“We love those who know the worst of us and don’t turn their face away.” — Walker Percy
A Note From International Arts Movement
The month of February always feels incredibly long. The sparkle of the holidays is over and the zeal of the new year has worn away. In many parts of the country, we are left to slog through the slush and pick up the pieces. The goals we set in January feel slightly less attainable than they did 30 days ago. Even though it’s the shortest month of the year, February drags on, one day after another filled with the monotony of everyday living. This February, in particular, feels even longer… the virus continuing to loom over all of us, creating a shadow even when the sun does peek through the clouds.
I know many people who have received the vaccine recently, and it’s made me pause and think about how marvelous modern medicine is. Regardless of your feelings about vaccines, I hope we can all take a moment and appreciate the incredible minds and hearts of scientists, researchers, and advocates around the globe who have worked to create a solution to a massive problem in record time. For me, as someone who spends most of my day writing rather than solving complex equations or handling petri dishes, I am even more in awe of the people who were able to piece together the myriad facts and tests that came together in such a precise way so as to create a vaccine.
The vaccine has me thinking about hope. I wonder about it as I am on my daily walk, smiling to the dogs on the corner and waving to the little girl who has finally mastered her two-wheeled bicycle. Have we lost the ability to hope at this particular moment in the world? COVID has taken an immeasurable toll, not just on our bodies, but on our minds. We have been conditioned to expect the worse, and prepare for it, too. We hoarded canned beans and toilet paper, we have stocked up on surgical masks, we have kept our distance. We have bided our time, laid low, and waited… for what, though? When this ordeal began a year or so ago, no one would have ever expected it to last this long. Somewhere along the way, I felt the normal hope and expectation drain away, leaving in its place anger and boredom.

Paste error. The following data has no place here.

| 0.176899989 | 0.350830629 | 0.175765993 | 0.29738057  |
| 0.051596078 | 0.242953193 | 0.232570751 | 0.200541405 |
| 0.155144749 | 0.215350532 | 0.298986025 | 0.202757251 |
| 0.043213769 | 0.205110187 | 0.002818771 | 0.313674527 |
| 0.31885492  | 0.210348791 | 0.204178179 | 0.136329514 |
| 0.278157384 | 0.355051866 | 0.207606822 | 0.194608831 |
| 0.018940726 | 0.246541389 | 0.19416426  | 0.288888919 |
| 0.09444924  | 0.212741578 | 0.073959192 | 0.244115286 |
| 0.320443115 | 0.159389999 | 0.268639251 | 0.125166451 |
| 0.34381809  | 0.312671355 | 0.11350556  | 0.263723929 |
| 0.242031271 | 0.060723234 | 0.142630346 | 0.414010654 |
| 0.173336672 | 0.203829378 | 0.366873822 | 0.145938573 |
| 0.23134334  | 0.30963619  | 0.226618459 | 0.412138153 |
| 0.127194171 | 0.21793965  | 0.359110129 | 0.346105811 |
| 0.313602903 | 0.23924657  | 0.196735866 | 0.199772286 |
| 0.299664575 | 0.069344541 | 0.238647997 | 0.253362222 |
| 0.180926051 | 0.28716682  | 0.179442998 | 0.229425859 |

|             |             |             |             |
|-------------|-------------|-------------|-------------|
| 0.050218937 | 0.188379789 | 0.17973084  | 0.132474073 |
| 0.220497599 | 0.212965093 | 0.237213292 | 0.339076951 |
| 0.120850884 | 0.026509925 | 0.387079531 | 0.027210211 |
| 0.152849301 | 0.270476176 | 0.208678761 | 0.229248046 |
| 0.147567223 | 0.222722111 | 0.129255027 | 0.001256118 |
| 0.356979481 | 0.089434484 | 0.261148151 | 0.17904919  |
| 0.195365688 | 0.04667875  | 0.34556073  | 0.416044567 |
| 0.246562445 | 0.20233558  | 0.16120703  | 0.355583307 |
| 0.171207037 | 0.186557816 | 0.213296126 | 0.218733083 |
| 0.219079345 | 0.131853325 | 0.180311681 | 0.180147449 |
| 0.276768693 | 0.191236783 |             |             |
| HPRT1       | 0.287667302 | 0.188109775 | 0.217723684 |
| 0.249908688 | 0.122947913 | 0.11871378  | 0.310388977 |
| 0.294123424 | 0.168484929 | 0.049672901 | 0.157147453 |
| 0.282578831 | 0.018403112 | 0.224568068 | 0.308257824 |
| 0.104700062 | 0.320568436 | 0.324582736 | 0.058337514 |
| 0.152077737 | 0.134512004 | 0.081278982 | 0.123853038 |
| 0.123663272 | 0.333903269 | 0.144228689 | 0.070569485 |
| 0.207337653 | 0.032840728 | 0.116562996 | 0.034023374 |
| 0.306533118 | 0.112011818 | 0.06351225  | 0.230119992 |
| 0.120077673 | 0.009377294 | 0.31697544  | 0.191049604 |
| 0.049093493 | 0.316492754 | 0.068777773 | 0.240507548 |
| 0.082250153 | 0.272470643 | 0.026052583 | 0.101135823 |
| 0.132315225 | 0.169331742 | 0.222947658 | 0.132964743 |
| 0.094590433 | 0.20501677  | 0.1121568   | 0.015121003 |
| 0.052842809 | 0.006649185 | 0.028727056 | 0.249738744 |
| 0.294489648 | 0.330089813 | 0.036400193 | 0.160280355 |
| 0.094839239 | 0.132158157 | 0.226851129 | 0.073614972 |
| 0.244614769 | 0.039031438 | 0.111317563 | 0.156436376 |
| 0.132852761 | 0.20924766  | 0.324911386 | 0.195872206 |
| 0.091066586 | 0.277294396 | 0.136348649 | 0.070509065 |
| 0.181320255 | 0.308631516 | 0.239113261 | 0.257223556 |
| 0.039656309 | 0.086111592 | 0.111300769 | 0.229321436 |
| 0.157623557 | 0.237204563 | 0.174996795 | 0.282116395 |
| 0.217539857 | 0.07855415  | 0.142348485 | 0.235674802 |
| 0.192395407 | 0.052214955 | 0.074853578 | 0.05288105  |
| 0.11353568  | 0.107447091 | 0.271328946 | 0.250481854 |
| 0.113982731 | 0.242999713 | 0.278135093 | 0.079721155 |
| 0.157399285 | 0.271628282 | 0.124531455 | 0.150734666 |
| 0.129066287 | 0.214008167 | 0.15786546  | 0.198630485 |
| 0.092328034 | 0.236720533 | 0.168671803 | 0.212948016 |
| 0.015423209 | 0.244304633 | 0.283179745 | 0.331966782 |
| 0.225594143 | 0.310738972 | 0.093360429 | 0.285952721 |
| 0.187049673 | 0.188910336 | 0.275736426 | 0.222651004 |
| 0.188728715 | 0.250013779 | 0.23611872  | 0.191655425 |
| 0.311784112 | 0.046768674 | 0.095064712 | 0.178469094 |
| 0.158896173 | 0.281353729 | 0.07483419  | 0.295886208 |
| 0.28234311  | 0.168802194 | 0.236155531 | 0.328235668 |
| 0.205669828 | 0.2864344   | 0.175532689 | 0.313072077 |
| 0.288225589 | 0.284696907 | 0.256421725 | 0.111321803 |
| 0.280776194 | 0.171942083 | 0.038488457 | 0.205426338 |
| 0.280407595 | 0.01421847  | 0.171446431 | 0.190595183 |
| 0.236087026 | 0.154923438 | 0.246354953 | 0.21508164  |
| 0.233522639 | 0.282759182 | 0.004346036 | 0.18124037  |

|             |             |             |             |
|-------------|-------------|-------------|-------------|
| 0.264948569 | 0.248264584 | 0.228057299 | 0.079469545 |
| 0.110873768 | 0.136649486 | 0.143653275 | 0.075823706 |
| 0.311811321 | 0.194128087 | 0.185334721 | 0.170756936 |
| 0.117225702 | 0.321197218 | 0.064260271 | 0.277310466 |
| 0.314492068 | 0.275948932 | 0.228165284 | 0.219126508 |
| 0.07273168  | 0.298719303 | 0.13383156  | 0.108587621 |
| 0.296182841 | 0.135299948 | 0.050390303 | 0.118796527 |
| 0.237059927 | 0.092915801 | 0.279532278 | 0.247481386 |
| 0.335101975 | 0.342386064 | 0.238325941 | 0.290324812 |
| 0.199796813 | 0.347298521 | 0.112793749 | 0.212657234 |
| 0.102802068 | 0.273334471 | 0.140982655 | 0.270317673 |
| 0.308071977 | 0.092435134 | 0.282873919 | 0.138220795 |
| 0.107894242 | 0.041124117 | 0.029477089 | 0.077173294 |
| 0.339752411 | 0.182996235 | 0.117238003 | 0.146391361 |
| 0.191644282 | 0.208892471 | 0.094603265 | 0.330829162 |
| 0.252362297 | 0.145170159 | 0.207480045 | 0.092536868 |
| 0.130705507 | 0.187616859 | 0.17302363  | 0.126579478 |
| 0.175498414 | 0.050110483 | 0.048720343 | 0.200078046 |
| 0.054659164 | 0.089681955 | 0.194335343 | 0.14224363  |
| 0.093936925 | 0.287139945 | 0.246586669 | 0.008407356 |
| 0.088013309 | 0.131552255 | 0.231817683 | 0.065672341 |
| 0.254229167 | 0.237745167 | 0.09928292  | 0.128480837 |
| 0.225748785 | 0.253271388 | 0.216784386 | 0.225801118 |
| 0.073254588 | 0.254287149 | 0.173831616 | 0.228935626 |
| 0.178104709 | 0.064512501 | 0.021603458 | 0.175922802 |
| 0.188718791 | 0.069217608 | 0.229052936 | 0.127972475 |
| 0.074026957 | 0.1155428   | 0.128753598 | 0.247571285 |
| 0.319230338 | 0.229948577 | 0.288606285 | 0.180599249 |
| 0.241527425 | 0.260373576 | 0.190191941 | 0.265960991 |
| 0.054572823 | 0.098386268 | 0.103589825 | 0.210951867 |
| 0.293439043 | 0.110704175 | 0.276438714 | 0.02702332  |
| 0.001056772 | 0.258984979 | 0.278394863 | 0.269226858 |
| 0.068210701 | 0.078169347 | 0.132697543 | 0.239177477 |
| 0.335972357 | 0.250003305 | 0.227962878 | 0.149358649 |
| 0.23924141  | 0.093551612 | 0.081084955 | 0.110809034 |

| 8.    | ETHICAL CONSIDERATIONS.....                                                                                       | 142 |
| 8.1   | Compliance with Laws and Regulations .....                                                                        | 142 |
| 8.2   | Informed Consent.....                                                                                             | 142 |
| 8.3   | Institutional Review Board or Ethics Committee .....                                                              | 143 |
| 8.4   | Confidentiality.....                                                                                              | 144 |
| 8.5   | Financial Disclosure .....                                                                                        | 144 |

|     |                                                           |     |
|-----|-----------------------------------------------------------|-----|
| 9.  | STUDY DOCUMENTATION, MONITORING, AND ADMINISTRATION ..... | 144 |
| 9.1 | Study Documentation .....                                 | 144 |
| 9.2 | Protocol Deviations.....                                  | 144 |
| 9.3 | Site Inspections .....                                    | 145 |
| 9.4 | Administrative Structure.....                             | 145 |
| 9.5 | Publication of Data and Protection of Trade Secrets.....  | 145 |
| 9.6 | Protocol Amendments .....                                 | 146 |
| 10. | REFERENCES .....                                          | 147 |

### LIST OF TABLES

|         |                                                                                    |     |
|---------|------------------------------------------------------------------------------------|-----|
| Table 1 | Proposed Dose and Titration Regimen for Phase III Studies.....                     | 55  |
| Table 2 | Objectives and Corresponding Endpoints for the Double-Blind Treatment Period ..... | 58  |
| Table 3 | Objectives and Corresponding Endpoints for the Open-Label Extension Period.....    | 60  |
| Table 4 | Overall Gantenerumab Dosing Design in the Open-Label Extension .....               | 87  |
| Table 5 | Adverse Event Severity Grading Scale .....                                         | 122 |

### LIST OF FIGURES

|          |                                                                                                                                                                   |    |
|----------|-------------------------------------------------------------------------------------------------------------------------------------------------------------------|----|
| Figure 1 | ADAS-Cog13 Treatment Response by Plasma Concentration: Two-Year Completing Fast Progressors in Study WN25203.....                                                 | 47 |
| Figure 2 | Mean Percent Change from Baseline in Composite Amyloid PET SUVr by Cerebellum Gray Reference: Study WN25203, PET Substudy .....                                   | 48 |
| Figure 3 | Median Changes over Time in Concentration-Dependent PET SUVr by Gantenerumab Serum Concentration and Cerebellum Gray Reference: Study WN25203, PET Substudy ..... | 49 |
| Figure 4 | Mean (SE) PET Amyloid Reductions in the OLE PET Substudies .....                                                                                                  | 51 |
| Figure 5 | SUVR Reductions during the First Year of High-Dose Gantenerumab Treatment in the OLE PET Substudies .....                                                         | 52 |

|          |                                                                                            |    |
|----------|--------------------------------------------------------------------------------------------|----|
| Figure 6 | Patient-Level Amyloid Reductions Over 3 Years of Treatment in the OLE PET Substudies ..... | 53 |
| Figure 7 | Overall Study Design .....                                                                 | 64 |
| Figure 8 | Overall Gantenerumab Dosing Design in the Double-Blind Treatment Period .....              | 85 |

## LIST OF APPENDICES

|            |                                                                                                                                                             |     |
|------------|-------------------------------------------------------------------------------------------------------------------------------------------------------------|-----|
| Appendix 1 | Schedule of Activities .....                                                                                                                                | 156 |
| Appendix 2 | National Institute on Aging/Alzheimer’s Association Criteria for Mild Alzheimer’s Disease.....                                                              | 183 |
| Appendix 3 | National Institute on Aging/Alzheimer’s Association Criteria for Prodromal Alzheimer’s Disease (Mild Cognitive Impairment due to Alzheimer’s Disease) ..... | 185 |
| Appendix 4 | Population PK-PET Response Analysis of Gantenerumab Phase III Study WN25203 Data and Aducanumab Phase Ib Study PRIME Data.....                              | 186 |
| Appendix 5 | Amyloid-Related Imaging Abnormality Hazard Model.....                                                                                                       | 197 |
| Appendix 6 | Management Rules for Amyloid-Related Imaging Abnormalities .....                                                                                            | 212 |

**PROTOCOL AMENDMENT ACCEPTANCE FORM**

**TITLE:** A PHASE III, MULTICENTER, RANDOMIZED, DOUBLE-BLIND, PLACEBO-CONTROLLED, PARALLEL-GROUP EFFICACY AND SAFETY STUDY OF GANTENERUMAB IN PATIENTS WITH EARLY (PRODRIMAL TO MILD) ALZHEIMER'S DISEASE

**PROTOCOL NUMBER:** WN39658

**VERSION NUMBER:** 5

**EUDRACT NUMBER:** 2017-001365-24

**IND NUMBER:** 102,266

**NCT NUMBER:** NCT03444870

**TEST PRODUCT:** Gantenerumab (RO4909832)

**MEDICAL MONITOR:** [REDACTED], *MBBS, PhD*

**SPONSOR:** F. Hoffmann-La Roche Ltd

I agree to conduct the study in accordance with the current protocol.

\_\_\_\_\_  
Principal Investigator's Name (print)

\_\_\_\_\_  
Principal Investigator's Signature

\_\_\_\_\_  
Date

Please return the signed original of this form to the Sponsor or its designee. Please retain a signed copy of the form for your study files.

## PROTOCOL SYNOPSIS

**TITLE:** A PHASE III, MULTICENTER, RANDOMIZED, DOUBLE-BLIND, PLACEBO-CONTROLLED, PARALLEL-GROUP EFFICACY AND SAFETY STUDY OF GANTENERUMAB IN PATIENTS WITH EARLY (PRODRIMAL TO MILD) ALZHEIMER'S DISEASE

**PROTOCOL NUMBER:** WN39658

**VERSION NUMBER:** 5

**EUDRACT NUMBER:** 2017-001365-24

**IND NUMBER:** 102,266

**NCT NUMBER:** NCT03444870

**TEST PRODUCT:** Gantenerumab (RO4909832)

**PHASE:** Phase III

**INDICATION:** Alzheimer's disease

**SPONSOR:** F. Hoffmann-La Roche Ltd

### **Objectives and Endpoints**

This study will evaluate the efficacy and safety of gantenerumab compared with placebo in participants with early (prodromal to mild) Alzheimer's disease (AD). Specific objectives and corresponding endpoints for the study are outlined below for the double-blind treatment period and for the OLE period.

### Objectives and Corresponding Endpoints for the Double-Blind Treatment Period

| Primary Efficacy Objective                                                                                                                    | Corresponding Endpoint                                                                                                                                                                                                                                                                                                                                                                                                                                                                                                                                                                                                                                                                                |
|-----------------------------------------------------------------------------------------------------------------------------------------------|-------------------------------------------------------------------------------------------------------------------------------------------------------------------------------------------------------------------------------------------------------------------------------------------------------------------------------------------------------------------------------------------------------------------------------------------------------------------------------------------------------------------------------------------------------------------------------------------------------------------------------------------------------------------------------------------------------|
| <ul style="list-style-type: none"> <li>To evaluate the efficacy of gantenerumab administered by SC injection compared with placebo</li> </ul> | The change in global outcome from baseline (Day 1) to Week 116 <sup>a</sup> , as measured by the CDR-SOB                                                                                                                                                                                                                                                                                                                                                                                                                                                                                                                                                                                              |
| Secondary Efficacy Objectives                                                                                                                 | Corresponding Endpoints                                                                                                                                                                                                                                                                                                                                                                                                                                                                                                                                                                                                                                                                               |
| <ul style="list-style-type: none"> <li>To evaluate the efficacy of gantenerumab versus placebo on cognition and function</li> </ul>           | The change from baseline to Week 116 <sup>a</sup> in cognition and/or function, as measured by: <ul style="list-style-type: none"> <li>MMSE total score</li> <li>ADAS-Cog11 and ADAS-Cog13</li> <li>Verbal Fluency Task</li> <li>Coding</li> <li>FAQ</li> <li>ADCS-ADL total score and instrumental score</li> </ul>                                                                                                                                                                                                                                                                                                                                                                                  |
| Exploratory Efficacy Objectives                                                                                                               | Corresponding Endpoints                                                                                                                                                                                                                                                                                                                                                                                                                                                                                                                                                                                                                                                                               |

Now, as we eagerly look again toward spring (a second spring with COVID), I am working to regain that hope. To look for signs of it in daily life. Hope doesn’t have to be monumental. It can be small. A spark. A crumb. A scrap. After all, a scrap of hope is better than no hope at all.
A Note From Makoto Fujimura, Founder of IAM Culture Care
As I watch the snow (and ice) fall, again, in February day in Princeton, I am doing much reflecting on the past years. Over seven years ago, I was invited to work with President Mark Labberton of Fuller Seminary to help grow the vision of Brehm Center. My term came to an end last Jan but I kept the studio in Pasadena as I saw the community of the Fellows program to be a key aspect of my art making. Due to the Pandemic, as well as my new life with Haejin, of course, this plan has to be modified so we are closing the Pasadena studio this month. As I look back, my years in Pasadena has been the most challenging, and most fruitful time as I found my “beloved community” in the Fellows, painted four monumental 33’ long triptychs, and completed my new book! The Kintsugi Academy was launched there as well.